Required Riding: Mercedes-Benz 300SEL 6.3

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Once upon a time in America, owning a Mercedes was a Europhilic statement of wealth and taste. Back before the brand hatched its alphanumeric plot to take over the world one market demographic at a time, US Mercs were made of raritanium. None was so rare, so big and so god damn FAST as the 300SEL 6.3. Mercedes' V8 sedan was such a snob monster that Skyhooks' 1975 song "Mercedes Ladies" cited the car as the ne plus ultra for women of a certain age who sleep with their mechanics. Granted, a mention in an Australian glam rock pop song might not be the ultimate accolade for an automobile. So how about this: it was the first German Q-Ship.

As befits a monstrously engined luxury sedan, the 6-3 began as a skunkworks project. More specifically, Mercedes engineer and amateur racer Erich Waxenberger spied the 6.3-liter mill nestling in the bay of Mercedes' 600-series limousine and thought what if... I dropped it into a 280 S-Class? We're talking about an SOHC 6332cc fuel-injected V8 cranking out 300hp @ 4100 rpm and 434 ft-lbs. of torque @ 3000rpm. It fit. Just. (Road and Track: "accessibility may be a problem") And while he was at it, Wax'l cribbed the 600's self-leveling air suspension.


Wax'l's boss, Mercedes Racing Director Rudi Uhlenhaut, secured board approval for the mutant. The finished sedan sprinted from zero to sixty in 6.5 seconds, passed the quarter mile in 14.5 seconds and topped out at 137 mph. The 6-3 had enough straight line grunt to waste a contemporaneous Porsche 911, keep pace with a 427 Chevrolet Corvette and cruise without complaint well into triple digits. As a pre-Cannonball Brock Yates said "It is impossible to describe this kind of performance to the uninitiated. Telling a traffic officer or a safety crusader like Ralph Nader that 100 mph can be safe is like reading the Constitution to a Maoist; it is a strange and hostile concept."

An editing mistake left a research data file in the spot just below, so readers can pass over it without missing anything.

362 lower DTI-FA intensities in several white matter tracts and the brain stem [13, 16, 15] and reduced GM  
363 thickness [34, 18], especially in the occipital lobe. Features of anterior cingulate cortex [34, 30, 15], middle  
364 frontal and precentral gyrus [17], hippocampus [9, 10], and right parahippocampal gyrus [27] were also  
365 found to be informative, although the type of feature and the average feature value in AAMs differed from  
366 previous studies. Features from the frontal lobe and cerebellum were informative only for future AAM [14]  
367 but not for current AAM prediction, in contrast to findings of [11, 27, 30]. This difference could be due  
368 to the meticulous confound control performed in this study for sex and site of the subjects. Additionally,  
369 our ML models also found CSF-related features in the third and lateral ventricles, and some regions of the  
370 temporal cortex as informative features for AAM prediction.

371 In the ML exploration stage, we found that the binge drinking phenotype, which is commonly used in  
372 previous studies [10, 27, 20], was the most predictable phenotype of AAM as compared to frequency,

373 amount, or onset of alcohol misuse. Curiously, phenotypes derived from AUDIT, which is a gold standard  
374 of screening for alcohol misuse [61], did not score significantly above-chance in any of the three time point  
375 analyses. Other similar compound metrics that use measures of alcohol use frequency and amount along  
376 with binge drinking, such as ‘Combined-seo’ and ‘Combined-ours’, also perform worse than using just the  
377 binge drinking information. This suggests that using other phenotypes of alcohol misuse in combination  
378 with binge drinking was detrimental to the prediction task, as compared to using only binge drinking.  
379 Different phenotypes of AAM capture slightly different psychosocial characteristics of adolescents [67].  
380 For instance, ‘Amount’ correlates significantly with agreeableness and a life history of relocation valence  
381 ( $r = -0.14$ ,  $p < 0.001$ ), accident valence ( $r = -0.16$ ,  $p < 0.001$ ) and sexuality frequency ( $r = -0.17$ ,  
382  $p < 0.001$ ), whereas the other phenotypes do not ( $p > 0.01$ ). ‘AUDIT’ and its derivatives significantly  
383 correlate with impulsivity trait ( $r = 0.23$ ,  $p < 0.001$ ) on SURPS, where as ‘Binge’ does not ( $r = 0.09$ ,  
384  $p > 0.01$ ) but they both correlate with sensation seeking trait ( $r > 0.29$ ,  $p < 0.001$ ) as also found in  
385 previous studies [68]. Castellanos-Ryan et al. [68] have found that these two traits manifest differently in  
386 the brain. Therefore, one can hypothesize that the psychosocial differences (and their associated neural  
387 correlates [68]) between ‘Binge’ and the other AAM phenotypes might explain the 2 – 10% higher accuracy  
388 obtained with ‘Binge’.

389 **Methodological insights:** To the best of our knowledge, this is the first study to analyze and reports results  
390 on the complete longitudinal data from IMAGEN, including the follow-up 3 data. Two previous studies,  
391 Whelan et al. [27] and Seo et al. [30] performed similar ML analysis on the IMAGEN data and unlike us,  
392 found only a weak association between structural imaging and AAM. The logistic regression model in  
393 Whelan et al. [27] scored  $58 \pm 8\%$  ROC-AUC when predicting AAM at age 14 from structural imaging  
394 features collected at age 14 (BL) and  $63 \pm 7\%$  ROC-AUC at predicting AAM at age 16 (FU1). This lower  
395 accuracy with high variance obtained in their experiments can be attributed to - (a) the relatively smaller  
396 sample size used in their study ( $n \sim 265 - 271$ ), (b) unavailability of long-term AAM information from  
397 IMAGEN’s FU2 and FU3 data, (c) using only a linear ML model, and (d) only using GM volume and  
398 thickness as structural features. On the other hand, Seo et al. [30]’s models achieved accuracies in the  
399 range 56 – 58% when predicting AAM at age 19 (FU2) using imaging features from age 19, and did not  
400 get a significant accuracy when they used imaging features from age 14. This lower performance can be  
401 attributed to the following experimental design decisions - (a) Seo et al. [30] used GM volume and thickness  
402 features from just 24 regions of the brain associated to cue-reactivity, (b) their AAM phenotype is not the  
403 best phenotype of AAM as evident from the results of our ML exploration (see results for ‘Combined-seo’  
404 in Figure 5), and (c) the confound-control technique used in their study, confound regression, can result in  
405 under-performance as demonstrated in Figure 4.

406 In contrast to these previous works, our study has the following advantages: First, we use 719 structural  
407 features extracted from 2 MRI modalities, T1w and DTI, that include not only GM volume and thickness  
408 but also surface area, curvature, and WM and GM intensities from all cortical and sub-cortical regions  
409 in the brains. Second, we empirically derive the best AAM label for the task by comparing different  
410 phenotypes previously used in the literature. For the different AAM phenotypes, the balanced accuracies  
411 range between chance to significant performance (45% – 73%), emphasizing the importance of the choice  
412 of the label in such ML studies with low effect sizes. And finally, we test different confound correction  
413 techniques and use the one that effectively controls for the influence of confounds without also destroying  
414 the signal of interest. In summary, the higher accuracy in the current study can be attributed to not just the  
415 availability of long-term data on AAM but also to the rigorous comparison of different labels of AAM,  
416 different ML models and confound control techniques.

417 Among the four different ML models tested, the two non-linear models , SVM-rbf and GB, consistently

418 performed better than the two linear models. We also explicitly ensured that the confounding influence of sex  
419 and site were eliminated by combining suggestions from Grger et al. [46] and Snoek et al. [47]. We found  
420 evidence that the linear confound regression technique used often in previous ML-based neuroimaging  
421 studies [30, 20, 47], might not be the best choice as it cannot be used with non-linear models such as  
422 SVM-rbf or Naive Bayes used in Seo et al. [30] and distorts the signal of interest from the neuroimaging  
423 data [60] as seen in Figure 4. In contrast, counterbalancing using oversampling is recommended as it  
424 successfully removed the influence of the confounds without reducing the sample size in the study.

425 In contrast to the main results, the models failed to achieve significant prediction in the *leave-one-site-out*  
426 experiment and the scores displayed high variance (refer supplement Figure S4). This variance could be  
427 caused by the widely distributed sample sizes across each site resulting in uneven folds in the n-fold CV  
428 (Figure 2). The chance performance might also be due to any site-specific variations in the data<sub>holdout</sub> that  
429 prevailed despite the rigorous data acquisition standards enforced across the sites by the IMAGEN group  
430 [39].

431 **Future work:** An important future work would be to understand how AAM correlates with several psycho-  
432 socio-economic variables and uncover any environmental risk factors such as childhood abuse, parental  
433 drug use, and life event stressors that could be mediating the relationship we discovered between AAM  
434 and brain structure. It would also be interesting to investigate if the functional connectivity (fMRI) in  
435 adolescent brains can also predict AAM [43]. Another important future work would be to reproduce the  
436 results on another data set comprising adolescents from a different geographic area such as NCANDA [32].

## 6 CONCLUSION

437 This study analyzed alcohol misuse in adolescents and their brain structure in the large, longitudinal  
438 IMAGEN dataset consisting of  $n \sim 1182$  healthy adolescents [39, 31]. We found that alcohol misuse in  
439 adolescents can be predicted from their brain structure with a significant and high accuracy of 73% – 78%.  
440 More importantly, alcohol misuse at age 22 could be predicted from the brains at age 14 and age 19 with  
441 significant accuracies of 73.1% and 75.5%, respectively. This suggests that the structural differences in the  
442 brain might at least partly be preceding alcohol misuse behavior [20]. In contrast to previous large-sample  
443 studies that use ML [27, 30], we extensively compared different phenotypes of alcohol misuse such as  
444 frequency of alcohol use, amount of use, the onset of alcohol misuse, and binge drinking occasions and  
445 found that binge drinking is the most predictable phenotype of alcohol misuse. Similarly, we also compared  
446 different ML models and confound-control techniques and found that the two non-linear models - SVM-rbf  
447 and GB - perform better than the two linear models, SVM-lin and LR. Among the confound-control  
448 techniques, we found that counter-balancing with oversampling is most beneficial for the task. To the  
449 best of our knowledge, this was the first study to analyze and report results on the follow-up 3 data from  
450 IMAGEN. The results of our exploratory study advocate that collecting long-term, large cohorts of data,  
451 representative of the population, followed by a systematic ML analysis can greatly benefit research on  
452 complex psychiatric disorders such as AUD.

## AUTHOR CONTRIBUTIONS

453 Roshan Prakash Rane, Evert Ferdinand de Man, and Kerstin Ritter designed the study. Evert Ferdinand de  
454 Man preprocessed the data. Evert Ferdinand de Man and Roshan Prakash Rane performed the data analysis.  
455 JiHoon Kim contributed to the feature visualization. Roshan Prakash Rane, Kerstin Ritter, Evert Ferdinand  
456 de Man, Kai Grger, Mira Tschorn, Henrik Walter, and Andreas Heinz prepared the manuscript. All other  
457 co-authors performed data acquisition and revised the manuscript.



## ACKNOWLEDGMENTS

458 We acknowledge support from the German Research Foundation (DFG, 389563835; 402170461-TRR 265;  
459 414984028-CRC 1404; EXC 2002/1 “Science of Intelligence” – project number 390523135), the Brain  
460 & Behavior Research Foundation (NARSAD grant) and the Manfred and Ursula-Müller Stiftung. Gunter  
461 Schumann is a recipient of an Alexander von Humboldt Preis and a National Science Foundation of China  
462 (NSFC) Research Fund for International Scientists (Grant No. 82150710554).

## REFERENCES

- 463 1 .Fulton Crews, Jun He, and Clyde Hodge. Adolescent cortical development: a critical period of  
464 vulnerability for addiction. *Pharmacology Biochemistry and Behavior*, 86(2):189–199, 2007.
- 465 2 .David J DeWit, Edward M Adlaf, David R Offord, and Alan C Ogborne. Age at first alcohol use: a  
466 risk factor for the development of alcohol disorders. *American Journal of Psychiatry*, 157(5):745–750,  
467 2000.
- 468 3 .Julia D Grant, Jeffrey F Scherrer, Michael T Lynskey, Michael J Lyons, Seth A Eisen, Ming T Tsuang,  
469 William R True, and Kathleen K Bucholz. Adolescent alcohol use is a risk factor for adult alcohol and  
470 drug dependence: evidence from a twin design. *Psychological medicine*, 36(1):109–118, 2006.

Check this: although the civilian version boasted all the luxury mod cons and then some (vast rear legroom, air conditioning, adjustable road clearance, power antenna, etc.), Wax'l took MB's bad boy racing — under the uber-tuner AMG's banner. And why not? With AMG's "Step One" engine conversion, the 6-3's powerplant developed 350hp; "Step Two" raised engine output to 400hp. Although technically a 6.8, Wax'l waxed the competition in the '69 Macao enduro and helped his team finished second in the 1970 Spa-Francorchamps 24-Hour race.


Mercedes produced 6526 6-3's between December 1967 and September 1972. Of these, 1839 made their way stateside, selling for $14,400. Today, the 6.3 is not considered as collectable as the relatively anemic two-door or convertible Model W109 280's. You can pick up a 6-3 for less than the original purchase price — but be warned! The air suspension is fiendishly difficult and horrifically expensive to repair. The air conditioning system must be completely rebuilt. Rust can also be a major problem. In fact, if ever a classic car should only be purchased in a fully restored condition (owners spend WELL over market value on repairs) and completely checked by an expert, the Mercedes-Benz 300 SEL 6.3 is it.

But the 6-3 is worth it. Not only was the luxoliner the first automotive stealth fighter — complete with superb brakes and reasonable steering feel — and a completely practical proposition (when running), but it also represents all that was holy about the Mercedes brand. Aside from the first 100 hand-made models, the 6-3 was the world's best built automobile, engineered with almost comical attention to detail. (When you lifted the hood, the air fan automatically switched off.) Although the "new" Maybach is a bit of a modern parallel, it doesn't have half the class and style of its spiritual forbearer. More's the pity.


[by Robert Farago]

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